A second U.S. case of the deadly MERS virus was reported Monday in Florida, according to the Centers for Disease Control and Prevention (CDC). The patient, whose identity is protected and nationality unknown, is a health care provider who works in a Saudi Arabian facility treating people infected with MERS. S/he traveled to Orlando, Fla., to visit family. Dr. John H. Armstrong, Florida’s State Surgeon General and Secretary of Health, noted the patient, who is in stable condition, did not visit any theme parks since arriving in Orlando on May 1. The family of the patient is said to be voluntarily staying at home.

The patient experienced symptoms while en route from Jeddah, Saudi Arabia, to Orlando. On May 1, s/he departed Jeddah, traveled by plane to London; from there took a flight to Boston, another to Atlanta, and then one final flight to Orlando. During the trip, the patient experienced fevers, chills, and a slight cough. On May 8, the patient went to a Florida ER (not yet identified by the CDC) and complained of symptoms; s/he was promptly admitted and then isolated.

Currently, the CDC and officials with 20 states are in the process of contacting travelers connected with those flights, though flight numbers have not been released to the public. Health officials emphasize the risk of infection to be low.

“This virus has not shown the ability to spread easily,” said Dr. Anne Schuchat, assistant surgeon general and director, National Center for Immunization and Respiratory Diseases, who noted the patient’s flight was on May 1. “Today is May 12, incubation is five days, on average, so it is likely if you haven’t already developed symptoms, you most likely are not.”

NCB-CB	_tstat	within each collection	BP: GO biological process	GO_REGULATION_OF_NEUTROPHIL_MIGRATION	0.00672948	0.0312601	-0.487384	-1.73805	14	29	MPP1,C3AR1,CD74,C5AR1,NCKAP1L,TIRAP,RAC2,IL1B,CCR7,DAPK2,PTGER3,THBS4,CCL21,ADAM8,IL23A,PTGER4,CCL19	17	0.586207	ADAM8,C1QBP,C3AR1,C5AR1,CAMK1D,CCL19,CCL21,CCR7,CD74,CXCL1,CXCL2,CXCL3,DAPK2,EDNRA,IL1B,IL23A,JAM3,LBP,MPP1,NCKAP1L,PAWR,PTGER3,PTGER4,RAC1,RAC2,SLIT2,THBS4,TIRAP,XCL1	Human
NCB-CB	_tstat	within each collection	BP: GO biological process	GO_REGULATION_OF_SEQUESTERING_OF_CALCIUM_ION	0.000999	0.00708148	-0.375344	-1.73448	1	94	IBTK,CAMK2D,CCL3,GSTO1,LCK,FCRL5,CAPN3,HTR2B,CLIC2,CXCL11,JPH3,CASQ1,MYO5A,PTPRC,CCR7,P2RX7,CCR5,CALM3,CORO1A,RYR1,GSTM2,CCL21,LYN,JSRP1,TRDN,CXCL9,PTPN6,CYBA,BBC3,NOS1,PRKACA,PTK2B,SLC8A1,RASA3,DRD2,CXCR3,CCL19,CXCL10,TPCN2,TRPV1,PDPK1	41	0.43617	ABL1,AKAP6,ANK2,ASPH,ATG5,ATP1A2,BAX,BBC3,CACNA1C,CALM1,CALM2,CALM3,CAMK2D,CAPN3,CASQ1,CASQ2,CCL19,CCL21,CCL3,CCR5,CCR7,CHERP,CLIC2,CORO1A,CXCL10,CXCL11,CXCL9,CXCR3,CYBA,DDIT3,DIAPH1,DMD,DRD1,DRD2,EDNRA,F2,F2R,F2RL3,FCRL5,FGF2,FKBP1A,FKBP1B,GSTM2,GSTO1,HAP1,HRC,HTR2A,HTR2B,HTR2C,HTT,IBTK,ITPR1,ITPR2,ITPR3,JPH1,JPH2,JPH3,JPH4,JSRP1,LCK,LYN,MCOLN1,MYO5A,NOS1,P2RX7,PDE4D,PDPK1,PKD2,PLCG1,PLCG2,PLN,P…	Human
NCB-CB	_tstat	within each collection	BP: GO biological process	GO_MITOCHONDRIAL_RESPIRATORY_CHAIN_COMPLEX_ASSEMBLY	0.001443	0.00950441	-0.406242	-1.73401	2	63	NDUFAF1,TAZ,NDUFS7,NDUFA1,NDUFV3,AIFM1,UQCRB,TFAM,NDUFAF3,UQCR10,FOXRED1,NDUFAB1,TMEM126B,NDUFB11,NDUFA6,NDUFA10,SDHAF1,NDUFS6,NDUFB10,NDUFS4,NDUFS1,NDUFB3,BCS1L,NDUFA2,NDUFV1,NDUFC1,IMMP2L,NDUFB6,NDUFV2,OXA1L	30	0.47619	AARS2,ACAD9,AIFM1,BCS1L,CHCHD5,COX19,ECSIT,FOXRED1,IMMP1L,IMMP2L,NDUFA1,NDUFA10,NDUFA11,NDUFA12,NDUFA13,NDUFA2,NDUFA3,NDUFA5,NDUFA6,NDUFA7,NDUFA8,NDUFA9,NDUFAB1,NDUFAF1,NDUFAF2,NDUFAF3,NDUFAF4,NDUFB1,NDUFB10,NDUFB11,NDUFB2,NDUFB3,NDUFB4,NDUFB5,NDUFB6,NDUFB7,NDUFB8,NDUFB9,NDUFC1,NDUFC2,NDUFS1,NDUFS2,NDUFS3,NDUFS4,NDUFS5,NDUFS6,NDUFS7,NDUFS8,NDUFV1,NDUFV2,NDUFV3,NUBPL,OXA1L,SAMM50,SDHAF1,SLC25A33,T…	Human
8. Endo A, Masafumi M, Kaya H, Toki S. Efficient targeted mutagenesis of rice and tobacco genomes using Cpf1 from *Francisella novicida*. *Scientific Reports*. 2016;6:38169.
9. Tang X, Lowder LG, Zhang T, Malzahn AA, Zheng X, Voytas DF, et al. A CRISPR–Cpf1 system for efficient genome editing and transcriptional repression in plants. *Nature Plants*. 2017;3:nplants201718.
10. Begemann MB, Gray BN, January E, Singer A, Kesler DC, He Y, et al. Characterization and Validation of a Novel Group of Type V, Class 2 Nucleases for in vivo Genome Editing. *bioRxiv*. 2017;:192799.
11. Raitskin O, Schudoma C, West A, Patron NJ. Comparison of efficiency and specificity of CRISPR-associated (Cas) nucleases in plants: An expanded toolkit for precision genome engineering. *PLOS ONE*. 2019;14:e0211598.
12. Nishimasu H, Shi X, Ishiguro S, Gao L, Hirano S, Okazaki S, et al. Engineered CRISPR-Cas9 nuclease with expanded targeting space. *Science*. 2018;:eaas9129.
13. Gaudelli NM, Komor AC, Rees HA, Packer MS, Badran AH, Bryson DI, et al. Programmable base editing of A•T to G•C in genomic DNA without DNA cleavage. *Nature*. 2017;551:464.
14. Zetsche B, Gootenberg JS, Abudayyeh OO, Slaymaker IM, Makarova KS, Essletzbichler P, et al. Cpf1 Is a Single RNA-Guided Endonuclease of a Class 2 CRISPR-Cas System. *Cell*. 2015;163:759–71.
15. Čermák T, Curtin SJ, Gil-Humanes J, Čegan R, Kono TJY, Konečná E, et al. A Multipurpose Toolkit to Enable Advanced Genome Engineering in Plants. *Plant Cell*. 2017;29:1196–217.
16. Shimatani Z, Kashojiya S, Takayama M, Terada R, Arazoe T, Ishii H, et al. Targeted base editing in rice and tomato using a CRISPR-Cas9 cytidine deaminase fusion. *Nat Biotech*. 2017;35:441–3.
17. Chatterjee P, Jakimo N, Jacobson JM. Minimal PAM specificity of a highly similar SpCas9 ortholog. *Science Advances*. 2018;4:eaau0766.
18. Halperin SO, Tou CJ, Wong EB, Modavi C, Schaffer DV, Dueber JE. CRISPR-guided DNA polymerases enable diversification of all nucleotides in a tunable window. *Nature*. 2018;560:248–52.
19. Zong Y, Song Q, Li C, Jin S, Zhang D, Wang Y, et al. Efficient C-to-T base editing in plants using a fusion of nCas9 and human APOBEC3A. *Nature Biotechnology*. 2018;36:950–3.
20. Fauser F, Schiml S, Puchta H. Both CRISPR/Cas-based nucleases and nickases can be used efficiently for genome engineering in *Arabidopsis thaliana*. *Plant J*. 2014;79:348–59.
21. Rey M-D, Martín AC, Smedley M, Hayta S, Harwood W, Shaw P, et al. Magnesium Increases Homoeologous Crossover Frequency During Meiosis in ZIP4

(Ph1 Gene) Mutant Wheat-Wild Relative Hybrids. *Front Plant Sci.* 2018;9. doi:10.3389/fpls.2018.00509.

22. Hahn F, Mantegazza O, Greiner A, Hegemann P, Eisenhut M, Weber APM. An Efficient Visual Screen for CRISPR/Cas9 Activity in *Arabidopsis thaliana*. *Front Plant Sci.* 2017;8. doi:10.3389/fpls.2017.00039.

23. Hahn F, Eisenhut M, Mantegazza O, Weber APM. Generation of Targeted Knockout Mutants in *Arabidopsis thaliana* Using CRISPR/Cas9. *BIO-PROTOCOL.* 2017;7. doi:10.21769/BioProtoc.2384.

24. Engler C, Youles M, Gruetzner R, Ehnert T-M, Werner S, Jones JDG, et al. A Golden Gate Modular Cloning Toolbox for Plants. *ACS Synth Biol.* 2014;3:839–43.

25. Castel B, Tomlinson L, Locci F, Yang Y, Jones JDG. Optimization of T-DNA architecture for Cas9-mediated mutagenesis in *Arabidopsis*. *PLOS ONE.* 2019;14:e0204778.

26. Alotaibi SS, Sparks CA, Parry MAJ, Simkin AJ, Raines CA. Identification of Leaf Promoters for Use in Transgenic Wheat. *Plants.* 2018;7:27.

As of May 12, 2014, the World Health Organization has reported 538 laboratory confirmed cases of Middle East Respiratory Syndrome Coronavirus, mostly concentrated in the Arabian Peninsula, and 145 deaths worldwide. Countries with imported or travel-associated infections include the UK, France, Tunisia, Italy, Malaysia, and most recently, the U.S. On May 2, 2014, the first confirmed case of MERS was reported in Indiana, where a male health care worker had returned to the country after living and working in Saudi Arabia. Schuchat noted the Indiana and Florida cases are not linked.

Saudi Arabia has recorded the most case of MERS, a total of 450, including 118 deaths. During April, 2014, a spike occurred in the number of new cases. Different from previously occurring coronaviruses, MERS was first reported in 2012 with all reported cases to date linked to the Arabian Peninsula, though the exact source and the way it is transmitted is unknown. Health officials believe it most likely originated in an animal, possibly a camel.

Currently, there are neither vaccines nor does the CDC suggest anti-viral treatment. People are advised to wash their hands often, avoid sick people, disinfect surfaces, and refrain from touching their faces, nose, and eyes. Despite the deadly nature of MERS, travel prohibitions have not been recommended.

Commenting on the “unwelcome but not unexpected news” of a second case of MERS, CDC Director Dr. Tom Frieden said: “The risk to the general public is extremely low.” Frieden noted that the CDC genetically sequenced the Indiana case virus and did not see any “essential changes” to the virus since it was first analyzed, “and that is reassuring.” “It is behaving like SARS,” Frieden said, noting that only those caring for infected people are most at risk. So far, one-fifth of those who have been fatally infected are health care workers.

"Since we are seeing clusters in SA and elsewhere, since health care workers are traveling back and forth, we would not be surprised by additional cases," Frieden noted. In fact, the CDC has already tested and ruled out 150 people who had symptoms, but were found to be negative.